A Long Island Lesson In Red-Light Cameras: Is Connecticut Next?


Review of that video on a home computer appears to dissuade most people from mailing in a coupon to request a hearing to contest the ticket.

Those who appear for hearings in Hempstead are offered a review of the video with a clerk before they see the judicial hearing officer. Some haven't viewed it at home and are seeing it for the first time — as was the case with the elderly man on Wednesday — and give up the fight after watching it.

But others go forward to a hearing, at which the judicial official views the video evidence, hears both sides, and then rules. More often than not, it goes against the alleged violator, officials said.

Other than claiming extenuating circumstances, such as a funeral or avoiding a firetruck, the owner of a ticketed vehicle also can get out of a fine by documenting a claim that he or she wasn't driving at the time of the violation. An "affidavit of non-responsibility" is required, along with supporting documentation such as a certified copy of a police report that the vehicle or plate had been stolen.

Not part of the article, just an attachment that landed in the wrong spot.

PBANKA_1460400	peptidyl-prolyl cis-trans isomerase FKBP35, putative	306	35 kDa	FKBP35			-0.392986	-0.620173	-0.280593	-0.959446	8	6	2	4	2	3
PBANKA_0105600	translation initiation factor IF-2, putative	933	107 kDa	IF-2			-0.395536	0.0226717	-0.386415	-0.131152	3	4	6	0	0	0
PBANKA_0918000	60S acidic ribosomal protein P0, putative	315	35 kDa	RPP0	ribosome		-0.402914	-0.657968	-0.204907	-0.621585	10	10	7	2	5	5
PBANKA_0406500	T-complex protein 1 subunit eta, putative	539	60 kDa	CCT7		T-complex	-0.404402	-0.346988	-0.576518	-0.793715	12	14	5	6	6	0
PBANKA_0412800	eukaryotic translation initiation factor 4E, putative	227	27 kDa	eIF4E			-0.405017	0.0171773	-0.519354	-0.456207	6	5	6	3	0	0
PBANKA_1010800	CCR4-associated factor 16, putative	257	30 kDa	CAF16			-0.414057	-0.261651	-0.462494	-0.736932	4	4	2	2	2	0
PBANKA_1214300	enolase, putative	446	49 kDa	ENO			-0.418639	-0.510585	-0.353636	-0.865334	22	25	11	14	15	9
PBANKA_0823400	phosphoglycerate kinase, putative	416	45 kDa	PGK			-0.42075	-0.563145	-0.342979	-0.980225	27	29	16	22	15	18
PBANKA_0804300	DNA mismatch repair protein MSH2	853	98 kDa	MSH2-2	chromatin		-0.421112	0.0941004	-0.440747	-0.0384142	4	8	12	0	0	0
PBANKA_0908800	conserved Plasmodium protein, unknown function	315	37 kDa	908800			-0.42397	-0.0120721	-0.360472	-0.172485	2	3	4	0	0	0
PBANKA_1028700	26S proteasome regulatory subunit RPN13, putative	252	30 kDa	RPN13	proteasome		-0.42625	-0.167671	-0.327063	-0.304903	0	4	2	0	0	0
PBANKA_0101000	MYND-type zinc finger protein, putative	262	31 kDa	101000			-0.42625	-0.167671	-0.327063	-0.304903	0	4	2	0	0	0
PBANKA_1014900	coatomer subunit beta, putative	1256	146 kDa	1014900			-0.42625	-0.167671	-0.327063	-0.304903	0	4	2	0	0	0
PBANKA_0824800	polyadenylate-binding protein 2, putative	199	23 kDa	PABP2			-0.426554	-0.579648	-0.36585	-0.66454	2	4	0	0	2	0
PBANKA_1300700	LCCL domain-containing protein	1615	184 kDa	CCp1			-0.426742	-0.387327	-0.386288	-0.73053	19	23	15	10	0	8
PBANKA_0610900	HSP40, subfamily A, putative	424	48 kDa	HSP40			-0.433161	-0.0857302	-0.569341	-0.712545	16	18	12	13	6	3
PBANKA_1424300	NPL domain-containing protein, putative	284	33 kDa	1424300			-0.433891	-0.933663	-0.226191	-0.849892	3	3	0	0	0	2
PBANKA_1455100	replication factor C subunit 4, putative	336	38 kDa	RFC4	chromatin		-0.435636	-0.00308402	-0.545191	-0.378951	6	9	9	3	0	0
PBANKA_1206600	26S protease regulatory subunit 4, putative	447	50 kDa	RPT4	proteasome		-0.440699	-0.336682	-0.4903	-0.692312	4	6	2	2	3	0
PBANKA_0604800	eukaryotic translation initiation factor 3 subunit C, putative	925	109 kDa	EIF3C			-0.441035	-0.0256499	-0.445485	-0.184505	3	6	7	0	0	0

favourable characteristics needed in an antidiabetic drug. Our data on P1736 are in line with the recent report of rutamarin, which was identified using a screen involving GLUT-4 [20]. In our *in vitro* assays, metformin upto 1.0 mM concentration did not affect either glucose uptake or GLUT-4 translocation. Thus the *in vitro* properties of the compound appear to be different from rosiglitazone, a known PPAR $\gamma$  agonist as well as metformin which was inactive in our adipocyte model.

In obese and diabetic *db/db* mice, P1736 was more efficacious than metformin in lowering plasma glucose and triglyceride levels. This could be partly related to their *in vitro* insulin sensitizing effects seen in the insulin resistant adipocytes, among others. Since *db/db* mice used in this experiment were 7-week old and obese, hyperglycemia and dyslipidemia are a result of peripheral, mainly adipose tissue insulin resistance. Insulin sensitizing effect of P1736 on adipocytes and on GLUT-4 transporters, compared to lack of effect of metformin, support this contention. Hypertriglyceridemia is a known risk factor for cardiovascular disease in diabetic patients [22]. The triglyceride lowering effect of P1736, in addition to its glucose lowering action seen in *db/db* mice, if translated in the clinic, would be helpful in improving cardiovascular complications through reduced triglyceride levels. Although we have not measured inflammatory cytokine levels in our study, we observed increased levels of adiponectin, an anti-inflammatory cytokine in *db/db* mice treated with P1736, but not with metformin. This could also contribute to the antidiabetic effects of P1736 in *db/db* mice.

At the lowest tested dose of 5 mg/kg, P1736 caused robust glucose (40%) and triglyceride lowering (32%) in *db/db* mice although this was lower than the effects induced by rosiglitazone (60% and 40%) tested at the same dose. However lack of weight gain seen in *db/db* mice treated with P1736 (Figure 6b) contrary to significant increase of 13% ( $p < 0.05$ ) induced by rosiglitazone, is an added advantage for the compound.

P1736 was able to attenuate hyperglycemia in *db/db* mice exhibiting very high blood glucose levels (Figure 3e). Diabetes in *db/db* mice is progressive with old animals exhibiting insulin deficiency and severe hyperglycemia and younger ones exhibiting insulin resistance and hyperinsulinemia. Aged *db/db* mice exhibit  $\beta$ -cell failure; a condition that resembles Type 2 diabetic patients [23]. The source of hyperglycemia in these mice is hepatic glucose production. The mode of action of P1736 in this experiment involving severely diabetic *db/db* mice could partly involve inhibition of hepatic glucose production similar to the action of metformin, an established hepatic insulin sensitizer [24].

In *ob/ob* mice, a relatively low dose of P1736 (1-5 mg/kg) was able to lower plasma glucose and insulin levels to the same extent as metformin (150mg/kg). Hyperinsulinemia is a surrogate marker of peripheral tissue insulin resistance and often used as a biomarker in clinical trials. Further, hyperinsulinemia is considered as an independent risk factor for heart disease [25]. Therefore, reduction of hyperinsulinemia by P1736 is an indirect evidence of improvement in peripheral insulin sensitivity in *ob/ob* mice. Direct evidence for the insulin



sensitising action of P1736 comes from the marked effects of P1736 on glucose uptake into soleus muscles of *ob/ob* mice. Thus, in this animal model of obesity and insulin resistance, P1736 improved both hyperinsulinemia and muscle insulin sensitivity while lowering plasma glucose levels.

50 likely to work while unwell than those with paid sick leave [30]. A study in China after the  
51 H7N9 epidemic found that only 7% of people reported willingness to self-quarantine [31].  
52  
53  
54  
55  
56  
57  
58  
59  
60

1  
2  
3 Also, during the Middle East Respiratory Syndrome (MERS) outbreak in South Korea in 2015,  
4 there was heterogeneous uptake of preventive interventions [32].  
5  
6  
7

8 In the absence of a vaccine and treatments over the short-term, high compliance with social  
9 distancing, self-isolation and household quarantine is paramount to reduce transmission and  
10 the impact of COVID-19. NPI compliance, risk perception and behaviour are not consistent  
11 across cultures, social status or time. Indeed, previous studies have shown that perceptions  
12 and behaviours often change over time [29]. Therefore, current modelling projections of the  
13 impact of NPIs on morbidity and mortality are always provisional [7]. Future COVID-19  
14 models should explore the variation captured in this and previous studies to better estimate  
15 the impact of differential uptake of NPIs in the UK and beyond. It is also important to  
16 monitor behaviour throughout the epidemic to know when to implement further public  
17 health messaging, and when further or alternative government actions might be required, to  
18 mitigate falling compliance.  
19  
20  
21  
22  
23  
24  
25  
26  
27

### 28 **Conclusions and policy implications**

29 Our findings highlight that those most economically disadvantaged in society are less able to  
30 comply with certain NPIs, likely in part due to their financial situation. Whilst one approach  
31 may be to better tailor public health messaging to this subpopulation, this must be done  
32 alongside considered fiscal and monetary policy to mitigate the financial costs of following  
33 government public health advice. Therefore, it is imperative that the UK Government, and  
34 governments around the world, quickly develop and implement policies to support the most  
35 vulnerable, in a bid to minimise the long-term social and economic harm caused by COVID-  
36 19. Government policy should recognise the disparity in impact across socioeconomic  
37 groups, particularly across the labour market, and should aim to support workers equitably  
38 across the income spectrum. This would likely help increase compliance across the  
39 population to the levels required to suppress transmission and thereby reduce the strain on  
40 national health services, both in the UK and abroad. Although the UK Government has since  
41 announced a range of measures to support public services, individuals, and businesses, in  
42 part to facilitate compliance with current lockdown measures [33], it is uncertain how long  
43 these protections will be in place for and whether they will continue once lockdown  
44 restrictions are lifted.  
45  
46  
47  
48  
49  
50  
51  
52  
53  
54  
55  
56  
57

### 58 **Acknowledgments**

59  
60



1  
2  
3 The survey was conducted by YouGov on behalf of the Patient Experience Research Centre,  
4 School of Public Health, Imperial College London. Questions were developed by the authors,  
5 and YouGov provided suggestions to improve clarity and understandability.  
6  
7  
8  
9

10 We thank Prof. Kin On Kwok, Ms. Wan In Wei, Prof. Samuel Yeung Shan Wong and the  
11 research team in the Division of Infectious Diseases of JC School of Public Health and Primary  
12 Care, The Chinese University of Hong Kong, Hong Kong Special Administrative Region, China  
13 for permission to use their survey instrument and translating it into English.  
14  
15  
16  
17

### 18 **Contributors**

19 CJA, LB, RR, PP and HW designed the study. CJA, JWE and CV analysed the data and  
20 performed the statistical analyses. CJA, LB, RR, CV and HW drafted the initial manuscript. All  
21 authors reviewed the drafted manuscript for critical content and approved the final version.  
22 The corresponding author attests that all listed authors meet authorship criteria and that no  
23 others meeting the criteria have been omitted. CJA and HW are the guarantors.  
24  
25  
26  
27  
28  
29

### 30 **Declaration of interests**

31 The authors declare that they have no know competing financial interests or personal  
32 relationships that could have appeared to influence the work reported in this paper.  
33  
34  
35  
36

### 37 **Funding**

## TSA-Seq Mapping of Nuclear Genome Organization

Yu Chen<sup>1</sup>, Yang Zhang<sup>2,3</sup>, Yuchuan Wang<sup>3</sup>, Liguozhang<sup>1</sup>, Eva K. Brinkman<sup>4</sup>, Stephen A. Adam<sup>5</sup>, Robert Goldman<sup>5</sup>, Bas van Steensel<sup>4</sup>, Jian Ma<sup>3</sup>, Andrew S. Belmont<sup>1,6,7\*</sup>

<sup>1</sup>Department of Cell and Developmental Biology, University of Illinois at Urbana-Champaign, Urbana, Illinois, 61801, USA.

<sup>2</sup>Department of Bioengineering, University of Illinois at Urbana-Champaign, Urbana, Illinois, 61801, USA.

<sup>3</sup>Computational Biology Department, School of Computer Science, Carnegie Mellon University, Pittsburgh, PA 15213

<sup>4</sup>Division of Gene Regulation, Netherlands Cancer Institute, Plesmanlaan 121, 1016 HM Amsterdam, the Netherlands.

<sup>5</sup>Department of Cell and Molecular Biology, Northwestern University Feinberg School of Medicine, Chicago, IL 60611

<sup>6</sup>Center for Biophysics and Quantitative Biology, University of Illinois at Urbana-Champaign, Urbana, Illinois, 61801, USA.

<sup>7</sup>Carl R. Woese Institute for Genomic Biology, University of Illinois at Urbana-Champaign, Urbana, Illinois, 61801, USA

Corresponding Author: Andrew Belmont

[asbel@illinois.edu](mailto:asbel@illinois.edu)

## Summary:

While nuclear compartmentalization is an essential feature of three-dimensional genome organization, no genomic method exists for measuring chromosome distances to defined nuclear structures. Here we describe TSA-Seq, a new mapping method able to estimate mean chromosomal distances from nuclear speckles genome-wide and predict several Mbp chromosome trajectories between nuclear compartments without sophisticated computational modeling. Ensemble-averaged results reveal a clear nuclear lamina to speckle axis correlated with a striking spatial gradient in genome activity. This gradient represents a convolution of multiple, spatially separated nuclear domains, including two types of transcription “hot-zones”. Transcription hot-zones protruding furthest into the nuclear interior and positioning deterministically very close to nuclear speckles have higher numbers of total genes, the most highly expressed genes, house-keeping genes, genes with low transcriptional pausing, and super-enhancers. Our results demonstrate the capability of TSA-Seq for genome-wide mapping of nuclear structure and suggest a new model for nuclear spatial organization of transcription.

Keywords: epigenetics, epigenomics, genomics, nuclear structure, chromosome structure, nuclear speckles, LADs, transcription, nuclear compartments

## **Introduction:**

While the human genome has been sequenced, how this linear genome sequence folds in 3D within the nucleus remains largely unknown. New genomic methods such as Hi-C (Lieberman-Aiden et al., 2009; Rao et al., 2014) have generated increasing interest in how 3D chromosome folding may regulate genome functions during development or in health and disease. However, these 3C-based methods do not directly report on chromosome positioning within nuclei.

More Violations

One thing that the Nassau County experience shows is that red-light cameras result in tickets for driver behavior that many police officers often would disregard, such as slow roll-throughs when turning right on red.

The cameras make no exceptions. They activate when a car hits the sensors during a red light, even if it's in the middle of the night and no other cars are near the intersection.

To give an idea of how many more tickets are issued because of the automatic equipment, the annual total of 459,000 camera-initiated red-light tickets in Nassau County is more than twice the 170,000 issued by police for all varieties of traffic violations, Rich said.

He and his boss, Marks, make no apologies for this uncompromising approach. Clerks reviewing videos generally will not issue tickets if a video shows that a motorist stops at a light with the front wheels beyond the white line — as Marks puts it, "you made the effort" — but they are instructed to give no leeway if a vehicle fails to stop completely while turning right on red.

The law says a stop is the "complete cessation of movement," Marks said, and people need to take it seriously.

"In Nassau County the [camera] locations were chosen by the high incidence of crashes," Marks said. "I try not to use the word 'accident' because if something is caused, in my mind it's a crash and not an accident. Accidents will happen, but a crash is something that's avoidable, and if you follow the law you will avoid a crash."

Courant senior information specialist Cristina Bachetti contributed to this report.

Jon Lender is a reporter on The Courant's investigative desk, with a focus on government and politics. Contact him at jlender@courant.com, 860-241-6524, or c/o The Hartford Courant, 285 Broad St., Hartford, CT 06115 and find him on Twitter@jonlender.

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